Patrick Henry

THERE was a time when American schoolboys “ spoke pieces.” From a cursory examination of such speakers and books of selection as are now published, we should say that a change had come over the general custom ; that there was a good deal of tawdry rhetoric and cheap humor in place of the oldtime stirring patriotic passages. Possibly an explanation may be found in the disappearance of the old oratorical school, and the rise of more matter-of-fact and business-like appeals. Be this as it may, the declamations of American youth thirty or forty years ago were of a passionate order, and those orators were drawn from chiefly who had heated the iron words of opposition to tyranny to a white heat. The war for independence left a legacy of fervid speeches, and of them all none was so popular as that of Patrick Henry’s in which occurs the splendid burst beginning, “ Mr. President, it is natural to man to indulge in the illusions of Hope,” and closing with the words, “ We must fight! I repeat it, sir, we must fight! An appeal to arms and to the God of hosts is all that is left us.”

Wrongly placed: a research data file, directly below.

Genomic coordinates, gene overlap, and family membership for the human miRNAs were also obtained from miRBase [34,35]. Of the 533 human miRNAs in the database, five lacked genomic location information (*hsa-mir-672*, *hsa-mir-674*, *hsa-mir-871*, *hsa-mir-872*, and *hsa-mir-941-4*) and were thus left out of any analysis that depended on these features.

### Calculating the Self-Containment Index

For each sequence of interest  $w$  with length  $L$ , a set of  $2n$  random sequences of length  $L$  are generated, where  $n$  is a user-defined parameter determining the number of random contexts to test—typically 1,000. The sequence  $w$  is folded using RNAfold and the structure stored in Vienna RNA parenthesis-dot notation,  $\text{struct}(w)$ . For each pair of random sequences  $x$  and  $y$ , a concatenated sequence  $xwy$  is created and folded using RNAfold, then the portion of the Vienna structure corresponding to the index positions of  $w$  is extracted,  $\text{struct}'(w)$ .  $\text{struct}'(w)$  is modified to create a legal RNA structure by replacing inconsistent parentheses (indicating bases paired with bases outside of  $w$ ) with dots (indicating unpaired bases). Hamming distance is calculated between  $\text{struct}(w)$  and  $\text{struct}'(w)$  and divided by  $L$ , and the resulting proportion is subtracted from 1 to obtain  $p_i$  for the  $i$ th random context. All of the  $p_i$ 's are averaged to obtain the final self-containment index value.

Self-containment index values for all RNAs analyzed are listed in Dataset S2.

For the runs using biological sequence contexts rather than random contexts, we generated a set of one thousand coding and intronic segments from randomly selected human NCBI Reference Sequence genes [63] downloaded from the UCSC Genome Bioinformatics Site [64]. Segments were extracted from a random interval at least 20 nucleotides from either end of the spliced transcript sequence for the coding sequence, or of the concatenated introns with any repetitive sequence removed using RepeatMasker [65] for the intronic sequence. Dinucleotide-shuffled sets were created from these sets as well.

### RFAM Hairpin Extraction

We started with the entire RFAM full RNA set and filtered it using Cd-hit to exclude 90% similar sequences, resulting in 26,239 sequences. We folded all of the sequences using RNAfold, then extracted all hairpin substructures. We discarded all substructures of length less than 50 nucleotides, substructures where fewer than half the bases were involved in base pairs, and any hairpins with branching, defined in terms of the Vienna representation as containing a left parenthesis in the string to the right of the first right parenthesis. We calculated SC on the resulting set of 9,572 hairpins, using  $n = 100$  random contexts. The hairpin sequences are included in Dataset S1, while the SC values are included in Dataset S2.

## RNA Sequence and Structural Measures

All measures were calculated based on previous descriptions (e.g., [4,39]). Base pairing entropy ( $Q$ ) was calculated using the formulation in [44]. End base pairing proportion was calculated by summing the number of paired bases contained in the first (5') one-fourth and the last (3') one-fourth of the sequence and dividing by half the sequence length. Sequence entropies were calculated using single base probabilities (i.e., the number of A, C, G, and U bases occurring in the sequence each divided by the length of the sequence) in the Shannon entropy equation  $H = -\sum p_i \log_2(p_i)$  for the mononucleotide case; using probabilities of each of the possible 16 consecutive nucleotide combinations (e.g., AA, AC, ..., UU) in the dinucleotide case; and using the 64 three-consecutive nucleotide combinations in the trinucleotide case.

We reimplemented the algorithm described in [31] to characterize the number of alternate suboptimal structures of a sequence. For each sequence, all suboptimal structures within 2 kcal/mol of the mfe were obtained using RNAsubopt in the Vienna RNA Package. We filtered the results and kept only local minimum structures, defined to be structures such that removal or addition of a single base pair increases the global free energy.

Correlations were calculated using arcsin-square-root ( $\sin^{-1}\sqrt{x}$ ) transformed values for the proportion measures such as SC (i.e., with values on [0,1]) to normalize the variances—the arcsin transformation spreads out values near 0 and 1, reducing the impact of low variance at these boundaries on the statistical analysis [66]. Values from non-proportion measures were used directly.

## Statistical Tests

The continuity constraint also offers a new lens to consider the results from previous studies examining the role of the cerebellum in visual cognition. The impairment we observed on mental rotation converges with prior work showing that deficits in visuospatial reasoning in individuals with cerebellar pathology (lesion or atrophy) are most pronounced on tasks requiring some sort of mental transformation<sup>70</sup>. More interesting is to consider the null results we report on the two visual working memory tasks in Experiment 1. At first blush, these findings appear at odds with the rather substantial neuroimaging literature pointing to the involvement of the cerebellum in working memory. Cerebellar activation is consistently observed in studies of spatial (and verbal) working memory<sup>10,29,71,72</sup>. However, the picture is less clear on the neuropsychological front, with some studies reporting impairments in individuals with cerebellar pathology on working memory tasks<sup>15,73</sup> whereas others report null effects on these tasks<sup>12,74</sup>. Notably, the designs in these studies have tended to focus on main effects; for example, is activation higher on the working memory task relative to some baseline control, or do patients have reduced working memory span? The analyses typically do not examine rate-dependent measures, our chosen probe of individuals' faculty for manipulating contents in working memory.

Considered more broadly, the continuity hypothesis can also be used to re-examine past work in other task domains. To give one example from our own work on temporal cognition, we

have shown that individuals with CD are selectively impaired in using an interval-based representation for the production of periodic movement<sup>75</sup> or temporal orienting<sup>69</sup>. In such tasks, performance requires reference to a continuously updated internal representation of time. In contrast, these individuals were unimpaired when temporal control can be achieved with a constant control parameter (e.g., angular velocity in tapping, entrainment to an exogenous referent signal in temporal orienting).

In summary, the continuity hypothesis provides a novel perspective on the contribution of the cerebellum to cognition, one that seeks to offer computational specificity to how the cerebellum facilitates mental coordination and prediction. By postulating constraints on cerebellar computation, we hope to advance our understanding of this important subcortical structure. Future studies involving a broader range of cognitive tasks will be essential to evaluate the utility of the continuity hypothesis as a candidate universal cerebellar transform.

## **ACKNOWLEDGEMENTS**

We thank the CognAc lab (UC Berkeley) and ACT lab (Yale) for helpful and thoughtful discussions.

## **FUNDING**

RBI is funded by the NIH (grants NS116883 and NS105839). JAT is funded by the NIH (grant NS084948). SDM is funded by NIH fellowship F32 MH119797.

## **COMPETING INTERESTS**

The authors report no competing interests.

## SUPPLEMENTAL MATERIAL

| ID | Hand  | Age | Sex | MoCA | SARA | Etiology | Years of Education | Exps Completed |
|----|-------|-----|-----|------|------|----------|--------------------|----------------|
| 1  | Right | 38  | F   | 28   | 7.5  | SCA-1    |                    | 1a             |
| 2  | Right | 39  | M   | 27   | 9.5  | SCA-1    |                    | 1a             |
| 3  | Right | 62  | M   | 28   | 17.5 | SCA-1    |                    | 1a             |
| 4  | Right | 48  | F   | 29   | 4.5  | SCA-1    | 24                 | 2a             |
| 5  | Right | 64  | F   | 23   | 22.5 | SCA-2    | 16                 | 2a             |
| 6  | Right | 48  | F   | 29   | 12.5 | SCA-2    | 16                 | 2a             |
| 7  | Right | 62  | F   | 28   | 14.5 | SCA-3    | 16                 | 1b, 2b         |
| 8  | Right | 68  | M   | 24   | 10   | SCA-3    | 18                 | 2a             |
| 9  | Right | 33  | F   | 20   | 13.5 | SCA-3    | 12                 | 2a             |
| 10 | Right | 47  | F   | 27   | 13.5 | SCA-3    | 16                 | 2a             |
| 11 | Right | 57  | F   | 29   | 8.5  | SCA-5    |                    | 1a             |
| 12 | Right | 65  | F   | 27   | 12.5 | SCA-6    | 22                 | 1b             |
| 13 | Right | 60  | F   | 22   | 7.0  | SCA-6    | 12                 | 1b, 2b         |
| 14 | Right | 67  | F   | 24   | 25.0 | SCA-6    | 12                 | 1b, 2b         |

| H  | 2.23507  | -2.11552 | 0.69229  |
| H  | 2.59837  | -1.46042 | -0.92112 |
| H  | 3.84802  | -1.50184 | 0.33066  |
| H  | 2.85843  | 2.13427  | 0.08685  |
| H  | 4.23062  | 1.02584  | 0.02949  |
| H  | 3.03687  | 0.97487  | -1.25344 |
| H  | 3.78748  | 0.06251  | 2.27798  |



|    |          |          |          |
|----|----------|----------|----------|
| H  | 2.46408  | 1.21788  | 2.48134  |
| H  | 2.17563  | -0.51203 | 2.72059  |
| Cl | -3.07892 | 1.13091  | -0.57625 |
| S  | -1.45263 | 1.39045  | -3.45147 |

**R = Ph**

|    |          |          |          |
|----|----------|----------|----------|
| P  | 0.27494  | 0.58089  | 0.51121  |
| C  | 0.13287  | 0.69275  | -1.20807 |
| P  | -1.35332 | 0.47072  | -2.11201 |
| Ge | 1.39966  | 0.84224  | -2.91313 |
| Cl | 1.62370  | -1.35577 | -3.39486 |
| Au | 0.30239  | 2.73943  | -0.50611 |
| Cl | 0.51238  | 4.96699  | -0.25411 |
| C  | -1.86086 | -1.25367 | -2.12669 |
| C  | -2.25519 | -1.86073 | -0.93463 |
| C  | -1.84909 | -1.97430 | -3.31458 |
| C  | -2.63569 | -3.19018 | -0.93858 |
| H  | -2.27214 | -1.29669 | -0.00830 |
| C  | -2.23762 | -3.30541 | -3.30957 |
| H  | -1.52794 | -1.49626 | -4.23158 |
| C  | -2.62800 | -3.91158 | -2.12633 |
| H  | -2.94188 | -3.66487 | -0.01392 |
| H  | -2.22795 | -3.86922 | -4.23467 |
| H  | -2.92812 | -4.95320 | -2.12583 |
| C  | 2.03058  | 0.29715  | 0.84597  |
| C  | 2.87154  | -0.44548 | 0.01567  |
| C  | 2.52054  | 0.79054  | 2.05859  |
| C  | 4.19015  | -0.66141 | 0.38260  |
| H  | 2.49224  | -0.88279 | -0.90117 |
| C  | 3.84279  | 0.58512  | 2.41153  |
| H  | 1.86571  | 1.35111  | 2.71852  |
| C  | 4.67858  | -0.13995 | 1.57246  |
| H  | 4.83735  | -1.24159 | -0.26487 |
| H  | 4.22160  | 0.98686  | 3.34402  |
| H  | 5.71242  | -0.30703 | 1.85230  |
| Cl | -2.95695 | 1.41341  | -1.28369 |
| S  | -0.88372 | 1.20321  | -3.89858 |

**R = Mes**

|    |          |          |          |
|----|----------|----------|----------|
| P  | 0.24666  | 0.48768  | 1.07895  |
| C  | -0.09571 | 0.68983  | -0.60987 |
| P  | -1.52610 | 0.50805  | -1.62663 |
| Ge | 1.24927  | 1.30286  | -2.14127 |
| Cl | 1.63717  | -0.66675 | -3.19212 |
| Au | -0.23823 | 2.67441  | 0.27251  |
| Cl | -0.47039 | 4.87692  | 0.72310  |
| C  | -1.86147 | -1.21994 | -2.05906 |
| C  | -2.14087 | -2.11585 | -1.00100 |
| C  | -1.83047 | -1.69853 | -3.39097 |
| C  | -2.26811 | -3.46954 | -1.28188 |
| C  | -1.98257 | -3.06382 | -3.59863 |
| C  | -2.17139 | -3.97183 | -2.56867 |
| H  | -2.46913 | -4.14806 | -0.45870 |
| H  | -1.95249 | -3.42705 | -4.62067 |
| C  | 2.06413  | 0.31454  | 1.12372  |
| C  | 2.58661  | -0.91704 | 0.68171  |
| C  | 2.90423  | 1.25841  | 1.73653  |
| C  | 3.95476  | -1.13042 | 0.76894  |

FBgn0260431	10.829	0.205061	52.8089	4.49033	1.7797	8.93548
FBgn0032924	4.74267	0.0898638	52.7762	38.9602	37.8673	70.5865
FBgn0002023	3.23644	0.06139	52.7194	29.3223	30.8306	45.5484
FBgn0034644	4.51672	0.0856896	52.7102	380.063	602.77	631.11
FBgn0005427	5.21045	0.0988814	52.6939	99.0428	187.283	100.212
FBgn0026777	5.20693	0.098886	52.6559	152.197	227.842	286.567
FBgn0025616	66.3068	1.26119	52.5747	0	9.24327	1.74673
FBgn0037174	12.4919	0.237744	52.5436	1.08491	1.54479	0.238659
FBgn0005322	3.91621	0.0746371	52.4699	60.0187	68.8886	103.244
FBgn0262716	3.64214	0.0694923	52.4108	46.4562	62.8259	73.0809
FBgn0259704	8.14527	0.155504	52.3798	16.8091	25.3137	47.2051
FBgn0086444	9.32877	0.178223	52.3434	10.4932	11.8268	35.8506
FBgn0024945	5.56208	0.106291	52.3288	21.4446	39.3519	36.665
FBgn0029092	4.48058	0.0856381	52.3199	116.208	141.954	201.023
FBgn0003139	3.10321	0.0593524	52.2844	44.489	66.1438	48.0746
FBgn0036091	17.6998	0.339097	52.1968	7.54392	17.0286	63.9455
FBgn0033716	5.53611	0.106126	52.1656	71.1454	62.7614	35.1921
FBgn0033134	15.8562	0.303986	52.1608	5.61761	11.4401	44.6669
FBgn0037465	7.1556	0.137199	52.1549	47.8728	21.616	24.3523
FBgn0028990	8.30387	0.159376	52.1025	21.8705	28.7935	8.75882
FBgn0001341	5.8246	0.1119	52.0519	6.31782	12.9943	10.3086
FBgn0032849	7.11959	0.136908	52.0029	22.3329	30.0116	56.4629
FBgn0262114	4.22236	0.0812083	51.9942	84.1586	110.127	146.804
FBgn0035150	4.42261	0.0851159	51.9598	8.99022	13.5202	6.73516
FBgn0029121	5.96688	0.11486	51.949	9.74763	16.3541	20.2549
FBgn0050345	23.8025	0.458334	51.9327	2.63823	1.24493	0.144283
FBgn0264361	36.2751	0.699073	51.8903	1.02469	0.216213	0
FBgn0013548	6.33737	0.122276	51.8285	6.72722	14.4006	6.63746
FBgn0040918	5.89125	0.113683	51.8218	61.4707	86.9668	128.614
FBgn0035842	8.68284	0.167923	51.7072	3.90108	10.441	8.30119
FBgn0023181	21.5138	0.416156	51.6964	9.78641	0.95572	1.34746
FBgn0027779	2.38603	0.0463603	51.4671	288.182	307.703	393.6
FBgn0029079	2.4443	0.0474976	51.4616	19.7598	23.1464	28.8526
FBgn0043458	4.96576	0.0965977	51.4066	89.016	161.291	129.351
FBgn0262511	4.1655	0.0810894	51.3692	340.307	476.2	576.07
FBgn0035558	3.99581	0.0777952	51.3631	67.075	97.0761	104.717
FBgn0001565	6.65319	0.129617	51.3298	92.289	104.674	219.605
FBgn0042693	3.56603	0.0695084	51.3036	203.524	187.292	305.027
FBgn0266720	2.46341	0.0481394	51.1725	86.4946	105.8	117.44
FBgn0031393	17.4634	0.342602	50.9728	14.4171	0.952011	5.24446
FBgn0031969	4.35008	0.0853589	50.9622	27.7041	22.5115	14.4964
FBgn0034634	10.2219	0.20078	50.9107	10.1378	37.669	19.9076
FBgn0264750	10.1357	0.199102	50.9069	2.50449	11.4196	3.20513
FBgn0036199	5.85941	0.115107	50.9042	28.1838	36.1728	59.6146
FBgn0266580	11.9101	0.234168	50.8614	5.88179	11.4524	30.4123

This speech and others of Henry’s came down to young Americans, accompanied by traditions of the orator’s power of delivery which represented it as something transcending description. To those who read the book, Mr. Wirt’s biography seemed always struggling to set upright the colossal figure of Patrick Henry the orator, and the impression which the Virginian undoubtedly made upon his contemporaries was so magnified in the clouds of Mr. Wirt’s rhetoric, by which chiefly it was conveyed to the imaginations of later generations, that Henry was scarcely thought of except as a fiery man who spoke pieces.